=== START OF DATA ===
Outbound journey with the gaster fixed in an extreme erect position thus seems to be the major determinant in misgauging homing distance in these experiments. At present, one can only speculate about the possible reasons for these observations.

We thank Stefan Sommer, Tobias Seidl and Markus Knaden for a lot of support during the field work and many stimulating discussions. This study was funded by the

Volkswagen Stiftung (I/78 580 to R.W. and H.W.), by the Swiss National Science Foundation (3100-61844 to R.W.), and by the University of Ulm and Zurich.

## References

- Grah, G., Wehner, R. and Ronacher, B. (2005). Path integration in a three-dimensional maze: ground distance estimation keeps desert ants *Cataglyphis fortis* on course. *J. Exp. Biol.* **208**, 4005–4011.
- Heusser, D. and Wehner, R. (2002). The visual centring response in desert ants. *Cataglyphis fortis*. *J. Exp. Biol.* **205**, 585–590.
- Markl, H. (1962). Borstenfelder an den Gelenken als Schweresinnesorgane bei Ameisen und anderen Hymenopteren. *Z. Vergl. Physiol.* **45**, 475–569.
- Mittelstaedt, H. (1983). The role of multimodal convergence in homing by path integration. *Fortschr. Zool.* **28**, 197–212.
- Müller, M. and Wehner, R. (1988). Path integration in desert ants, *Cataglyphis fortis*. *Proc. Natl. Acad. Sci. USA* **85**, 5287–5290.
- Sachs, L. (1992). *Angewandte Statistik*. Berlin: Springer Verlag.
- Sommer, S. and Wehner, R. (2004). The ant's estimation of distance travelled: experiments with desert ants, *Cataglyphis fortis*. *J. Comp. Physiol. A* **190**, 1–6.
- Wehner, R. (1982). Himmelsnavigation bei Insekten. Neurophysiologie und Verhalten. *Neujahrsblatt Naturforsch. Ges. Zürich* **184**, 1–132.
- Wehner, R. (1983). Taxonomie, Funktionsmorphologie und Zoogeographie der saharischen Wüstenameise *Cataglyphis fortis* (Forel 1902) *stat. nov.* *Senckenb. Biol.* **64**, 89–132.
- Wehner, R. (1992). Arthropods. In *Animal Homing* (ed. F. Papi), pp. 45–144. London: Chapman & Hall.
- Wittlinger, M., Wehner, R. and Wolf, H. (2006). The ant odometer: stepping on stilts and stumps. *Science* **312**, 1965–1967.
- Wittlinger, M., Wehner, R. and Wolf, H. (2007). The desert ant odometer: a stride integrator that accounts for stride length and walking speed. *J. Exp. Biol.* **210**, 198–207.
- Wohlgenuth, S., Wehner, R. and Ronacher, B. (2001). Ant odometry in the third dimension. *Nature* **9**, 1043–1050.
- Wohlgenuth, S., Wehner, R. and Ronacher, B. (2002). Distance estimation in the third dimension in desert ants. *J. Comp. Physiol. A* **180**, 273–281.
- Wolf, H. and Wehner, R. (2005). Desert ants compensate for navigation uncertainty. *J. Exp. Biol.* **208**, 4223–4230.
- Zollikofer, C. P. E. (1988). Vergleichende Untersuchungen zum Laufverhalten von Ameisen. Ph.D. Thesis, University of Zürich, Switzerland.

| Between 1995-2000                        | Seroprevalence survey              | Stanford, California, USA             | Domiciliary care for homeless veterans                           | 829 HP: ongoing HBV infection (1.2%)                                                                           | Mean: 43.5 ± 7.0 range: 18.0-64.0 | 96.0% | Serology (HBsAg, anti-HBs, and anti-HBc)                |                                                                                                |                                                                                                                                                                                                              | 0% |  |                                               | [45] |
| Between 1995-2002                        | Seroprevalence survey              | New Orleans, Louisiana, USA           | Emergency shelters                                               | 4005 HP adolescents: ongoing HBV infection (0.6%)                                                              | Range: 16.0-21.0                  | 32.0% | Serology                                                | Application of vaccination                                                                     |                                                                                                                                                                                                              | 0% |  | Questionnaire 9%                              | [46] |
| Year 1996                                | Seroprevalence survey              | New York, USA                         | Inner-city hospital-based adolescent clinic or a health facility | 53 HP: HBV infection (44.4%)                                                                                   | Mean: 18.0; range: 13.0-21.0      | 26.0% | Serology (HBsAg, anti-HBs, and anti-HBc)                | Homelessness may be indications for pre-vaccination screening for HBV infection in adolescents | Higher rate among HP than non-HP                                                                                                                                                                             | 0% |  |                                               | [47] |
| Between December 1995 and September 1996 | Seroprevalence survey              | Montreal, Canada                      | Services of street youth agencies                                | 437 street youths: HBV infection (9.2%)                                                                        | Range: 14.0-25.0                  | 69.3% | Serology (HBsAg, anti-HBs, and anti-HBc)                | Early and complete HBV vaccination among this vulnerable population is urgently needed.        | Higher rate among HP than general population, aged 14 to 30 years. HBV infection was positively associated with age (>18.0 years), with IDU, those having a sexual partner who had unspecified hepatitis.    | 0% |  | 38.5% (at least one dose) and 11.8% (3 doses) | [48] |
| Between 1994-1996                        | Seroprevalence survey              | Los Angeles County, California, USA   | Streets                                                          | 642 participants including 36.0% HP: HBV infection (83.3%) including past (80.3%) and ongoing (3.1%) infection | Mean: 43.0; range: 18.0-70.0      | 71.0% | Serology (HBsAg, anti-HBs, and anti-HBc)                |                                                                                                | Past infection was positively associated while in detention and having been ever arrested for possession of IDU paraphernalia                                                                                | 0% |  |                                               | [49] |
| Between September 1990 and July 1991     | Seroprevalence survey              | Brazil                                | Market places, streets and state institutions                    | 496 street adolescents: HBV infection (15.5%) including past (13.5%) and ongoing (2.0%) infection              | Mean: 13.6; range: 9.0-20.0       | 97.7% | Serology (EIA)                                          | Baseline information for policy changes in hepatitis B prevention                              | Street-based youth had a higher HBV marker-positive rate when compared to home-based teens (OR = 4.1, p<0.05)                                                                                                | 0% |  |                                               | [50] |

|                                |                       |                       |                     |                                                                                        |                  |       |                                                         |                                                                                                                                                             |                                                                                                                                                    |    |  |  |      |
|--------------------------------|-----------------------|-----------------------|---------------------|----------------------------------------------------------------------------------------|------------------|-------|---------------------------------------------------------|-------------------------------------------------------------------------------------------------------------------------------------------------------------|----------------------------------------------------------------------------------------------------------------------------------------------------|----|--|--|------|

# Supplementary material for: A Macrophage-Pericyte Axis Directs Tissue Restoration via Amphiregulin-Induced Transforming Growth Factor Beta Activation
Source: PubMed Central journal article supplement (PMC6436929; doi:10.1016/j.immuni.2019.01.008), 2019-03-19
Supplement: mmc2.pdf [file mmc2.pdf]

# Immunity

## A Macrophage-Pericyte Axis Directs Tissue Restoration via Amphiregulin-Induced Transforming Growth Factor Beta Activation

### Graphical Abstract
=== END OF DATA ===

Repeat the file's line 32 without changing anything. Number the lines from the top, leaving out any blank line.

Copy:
# Immunity